Owen Ray Skelton

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Owen Ray Skelton
Owen Skelton.jpg
ca. 1920
Born (1886-02-09)February 9, 1886
Edgerton, Ohio
Died July 20, 1969(1969-07-20) (aged 83)
Palm Beach, Florida
Occupation engineer, automobile designer
Political party Democrat
Religion Christian
Owen Ray Skelton signature.jpg

Owen Ray Skelton (February 9, 1886 – July 20, 1969) was an American automotive industry engineer and member of the Automotive Hall of Fame.[1][2]

Early life[edit]

Skelton was born on February 9, 1886, his family living in Edgerton, Ohio, at the time.[3][4] His parents were James G. Skelton and Sophia Skelton.[5] James was a shopkeeper selling horse harness and saddlery, and the future automotive engineer worked as an shop apprentice in his youth. Eschewing horses, he graduated from Ohio State University with a degree in mechanical engineering.[6][7]


From 1905 until 1907, Skelton's first automotive job was with the Pope-Toledo automobile factory in Toledo, Ohio, noted for their cutting-edge gasoline-powered engine technology. Skelton advanced to the design drafting department at Detroit's Packard Motor Car Company. As he gained experience and then expertise, Skelton simultaneously gained the reputation of being a design analyst who understood the entire transmission of a car, and a master specialist in rear axles and gear boxes.[3][6][7][8]

Moving to a startup firm, Skelton was a ground-floor partner in design for Benham from 1914 to 1916. Although the Benham automobile failed to sell, its construction appealed to another automaker also interested in streamlined design, Studebaker. The South Bend firm's vice president and chief engineer, Frederick Morrell Zeder, offered Skelton an engineering position. Skelton accepted Studebaker's pay offer of 58 U.S. cents per hour.[9] The money-losing Studebaker needed to produce a speedy design for a new, inexpensive, mass-market automobile that could compete with the two new automobile conglomerates, Ford Motor Company and General Motors. The struggling firm set up a design shop in Newark, and gave a relatively free hand to the shop's three principals, Zeder, Skelton, and Carl Breer. The threesome became known as "The Three Musketeers" for their pathbreaking design work for the 1918 Studebaker.[3][6][7][8] Pioneer design engineer Skelton's Newark residence, the Robert Treat Hotel, survives.[10]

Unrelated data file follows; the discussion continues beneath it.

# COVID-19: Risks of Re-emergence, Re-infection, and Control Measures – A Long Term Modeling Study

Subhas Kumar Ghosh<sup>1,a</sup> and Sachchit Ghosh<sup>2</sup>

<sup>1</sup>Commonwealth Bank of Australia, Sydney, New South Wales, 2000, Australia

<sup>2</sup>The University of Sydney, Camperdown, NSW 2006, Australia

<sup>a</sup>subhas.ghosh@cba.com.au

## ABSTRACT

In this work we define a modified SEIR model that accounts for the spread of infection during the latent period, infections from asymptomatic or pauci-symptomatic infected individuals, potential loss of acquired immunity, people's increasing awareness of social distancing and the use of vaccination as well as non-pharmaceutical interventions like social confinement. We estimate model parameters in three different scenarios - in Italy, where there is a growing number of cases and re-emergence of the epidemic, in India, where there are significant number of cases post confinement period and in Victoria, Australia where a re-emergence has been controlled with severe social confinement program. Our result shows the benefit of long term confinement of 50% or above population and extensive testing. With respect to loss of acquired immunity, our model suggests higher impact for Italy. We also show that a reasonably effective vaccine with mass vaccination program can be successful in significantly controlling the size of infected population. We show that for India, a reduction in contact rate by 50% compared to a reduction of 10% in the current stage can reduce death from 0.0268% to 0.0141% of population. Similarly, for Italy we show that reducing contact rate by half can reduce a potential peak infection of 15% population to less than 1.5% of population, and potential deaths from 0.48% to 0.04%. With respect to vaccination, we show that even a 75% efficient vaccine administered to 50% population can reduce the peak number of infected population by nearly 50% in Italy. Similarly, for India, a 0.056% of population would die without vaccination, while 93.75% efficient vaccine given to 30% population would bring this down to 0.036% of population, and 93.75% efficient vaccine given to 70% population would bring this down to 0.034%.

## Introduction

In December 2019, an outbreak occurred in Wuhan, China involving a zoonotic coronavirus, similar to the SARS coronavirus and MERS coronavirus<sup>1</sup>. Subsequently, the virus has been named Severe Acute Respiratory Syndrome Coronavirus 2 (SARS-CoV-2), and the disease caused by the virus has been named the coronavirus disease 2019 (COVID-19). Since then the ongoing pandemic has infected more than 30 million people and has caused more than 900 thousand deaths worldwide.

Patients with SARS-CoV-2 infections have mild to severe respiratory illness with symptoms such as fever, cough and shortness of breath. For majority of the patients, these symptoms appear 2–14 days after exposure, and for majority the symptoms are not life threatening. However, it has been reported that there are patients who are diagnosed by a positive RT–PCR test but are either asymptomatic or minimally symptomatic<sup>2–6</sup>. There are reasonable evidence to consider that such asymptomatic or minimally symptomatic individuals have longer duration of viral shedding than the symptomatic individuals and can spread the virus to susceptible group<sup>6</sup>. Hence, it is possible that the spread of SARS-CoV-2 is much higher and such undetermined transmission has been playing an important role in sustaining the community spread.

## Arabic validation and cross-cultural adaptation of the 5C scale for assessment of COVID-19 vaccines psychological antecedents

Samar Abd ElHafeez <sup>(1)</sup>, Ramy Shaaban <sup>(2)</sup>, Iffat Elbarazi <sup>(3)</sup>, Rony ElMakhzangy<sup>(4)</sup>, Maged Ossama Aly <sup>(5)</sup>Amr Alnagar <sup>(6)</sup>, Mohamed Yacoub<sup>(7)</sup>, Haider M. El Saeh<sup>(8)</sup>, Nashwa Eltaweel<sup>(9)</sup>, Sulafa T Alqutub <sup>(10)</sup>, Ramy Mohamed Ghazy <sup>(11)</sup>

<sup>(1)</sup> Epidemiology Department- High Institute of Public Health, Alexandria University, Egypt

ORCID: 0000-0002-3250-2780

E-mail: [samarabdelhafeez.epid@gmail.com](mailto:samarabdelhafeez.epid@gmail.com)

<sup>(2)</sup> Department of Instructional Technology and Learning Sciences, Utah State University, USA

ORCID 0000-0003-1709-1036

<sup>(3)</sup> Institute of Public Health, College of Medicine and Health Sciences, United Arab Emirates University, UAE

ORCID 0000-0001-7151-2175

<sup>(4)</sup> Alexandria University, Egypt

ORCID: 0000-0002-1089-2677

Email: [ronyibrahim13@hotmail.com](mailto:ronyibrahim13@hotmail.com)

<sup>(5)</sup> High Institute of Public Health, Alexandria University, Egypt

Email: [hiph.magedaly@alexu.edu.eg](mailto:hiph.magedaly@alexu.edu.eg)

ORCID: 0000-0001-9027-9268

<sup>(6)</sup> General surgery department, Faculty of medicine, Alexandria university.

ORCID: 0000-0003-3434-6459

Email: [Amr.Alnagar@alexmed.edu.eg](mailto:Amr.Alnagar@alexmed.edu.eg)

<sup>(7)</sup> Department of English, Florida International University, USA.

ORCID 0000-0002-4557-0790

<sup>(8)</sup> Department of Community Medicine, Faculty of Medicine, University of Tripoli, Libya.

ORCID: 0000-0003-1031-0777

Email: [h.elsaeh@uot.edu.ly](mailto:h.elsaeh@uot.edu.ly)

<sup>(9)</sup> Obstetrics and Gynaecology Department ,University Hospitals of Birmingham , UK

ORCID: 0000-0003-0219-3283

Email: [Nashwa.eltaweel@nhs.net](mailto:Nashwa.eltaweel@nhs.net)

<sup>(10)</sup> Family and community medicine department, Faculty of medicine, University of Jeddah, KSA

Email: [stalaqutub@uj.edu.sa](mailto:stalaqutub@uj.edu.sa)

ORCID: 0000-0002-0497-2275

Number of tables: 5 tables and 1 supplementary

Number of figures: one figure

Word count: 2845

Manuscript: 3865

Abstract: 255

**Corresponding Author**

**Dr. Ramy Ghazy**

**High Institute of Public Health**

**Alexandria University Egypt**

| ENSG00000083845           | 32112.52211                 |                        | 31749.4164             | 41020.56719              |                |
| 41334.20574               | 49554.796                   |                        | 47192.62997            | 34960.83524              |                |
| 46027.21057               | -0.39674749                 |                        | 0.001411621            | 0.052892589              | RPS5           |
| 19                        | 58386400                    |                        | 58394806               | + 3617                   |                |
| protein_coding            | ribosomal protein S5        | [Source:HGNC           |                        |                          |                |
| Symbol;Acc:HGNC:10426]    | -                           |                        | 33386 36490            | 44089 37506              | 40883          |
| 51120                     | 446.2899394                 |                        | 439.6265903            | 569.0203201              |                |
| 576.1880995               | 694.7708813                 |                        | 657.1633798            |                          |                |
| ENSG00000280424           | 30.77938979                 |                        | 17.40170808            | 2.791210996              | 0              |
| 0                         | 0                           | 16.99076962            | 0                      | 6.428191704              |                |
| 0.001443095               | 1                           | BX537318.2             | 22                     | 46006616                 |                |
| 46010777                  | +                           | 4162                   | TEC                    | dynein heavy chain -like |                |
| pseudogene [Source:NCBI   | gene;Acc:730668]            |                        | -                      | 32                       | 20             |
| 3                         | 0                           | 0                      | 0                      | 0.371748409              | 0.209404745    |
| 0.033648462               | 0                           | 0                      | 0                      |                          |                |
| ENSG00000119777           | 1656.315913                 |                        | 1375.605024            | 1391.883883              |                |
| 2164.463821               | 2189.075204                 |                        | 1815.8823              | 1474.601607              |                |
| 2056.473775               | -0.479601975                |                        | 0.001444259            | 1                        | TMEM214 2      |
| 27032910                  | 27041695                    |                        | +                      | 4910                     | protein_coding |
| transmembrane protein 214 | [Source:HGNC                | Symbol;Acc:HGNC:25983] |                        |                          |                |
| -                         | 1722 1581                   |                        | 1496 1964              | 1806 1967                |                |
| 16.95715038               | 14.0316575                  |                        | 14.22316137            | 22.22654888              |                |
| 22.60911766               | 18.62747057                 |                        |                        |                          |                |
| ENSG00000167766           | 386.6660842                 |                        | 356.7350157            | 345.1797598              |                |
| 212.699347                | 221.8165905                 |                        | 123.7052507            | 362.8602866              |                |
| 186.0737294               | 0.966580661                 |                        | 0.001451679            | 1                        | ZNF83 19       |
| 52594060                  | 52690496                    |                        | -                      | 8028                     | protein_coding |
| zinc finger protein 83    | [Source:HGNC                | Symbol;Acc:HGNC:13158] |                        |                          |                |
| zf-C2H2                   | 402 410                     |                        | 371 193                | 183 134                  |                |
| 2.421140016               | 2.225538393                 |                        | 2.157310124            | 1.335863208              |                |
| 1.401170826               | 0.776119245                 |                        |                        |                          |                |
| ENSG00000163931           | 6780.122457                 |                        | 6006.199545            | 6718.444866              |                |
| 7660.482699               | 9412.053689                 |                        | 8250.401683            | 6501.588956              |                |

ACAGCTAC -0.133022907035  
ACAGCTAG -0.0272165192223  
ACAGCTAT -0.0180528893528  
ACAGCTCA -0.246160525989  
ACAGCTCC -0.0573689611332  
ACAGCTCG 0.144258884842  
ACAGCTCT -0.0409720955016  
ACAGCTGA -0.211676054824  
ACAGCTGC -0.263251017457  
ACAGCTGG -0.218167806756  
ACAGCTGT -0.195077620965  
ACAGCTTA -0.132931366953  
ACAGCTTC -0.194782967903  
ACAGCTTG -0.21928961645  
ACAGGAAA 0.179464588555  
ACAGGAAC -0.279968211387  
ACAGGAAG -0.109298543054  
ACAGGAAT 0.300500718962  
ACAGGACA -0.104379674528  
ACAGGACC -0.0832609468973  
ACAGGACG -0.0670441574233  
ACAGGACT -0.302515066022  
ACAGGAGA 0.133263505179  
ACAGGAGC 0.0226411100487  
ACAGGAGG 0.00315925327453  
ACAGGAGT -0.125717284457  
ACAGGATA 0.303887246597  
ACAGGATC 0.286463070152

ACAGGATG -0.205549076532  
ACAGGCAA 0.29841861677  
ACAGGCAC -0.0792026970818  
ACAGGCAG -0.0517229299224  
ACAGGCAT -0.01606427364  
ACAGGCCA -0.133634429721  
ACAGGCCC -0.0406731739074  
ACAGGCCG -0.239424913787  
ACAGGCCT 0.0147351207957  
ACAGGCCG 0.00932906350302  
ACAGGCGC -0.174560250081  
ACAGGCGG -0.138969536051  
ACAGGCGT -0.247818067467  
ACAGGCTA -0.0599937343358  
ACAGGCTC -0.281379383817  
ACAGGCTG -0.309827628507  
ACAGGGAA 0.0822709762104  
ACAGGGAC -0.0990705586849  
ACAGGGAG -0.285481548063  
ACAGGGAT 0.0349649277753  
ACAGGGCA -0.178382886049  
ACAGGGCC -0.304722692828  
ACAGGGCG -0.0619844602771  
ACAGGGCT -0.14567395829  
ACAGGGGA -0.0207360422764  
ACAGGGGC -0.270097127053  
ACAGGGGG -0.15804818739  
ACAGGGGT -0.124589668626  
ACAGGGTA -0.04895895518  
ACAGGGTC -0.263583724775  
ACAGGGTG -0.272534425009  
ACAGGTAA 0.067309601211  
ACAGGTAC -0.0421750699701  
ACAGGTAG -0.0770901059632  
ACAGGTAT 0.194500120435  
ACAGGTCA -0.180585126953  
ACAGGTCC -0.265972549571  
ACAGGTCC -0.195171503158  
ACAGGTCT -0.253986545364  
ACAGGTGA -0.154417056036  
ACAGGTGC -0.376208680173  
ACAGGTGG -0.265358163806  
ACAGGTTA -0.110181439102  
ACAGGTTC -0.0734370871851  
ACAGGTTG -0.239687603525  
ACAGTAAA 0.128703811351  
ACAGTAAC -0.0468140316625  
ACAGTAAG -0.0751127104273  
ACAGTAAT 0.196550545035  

ZSB Engineering[edit]

Durant's Locomobile contained a pioneering, reliable six-cylinder engine, partly designed by Skelton.

In 1921 Zeder, Skelton, Breer, and several associates left Studebaker to start an independent Newark automobile design-and-engineering firm, "ZSB Engineering." The luxury-oriented Daniels Motor Company hired ZSB to design their 1922 V-8,[11] but the high-end car listed for $7,450 (in 1922 dollars), a prohibitive price for that day. Later in 1922, ZSB turned their eyes toward the mass market, hired by Billy Durant on a motor design for the Flint automobile. The ZSB-designed six-cylinder engine with an updraft carburetor was later used on the Locomobile, a luxury automobile built by Durant Motors. Skelton and ZSB in the same year "shopped out" a conceptual car design, tentatively called the "Zeder." ZSB failed to obtain financing to complete the design work as an independent firm, but news of their work reached the ears of an aggressive carmaking executive, Maxwell's Walter Chrysler. This contact proved to be decisive to Skelton's career.

Chrysler obtained financing in early 1923 to merge Maxwell, the Detroit-based Chalmers Motor Car Company, and ZSB Engineering. The merged firm's operations were consolidated in Detroit in June 1923, initially under the name of "Maxwell-Chalmers."[12] With ZSB's six-cylinder engine design as an integral element, Maxwell-Chalmers's cars sold well, and the firm underwent rapid expansion under CEO Chrysler's leadership. In 1925 Maxwell-Chalmers became the Chrysler Corporation.[13]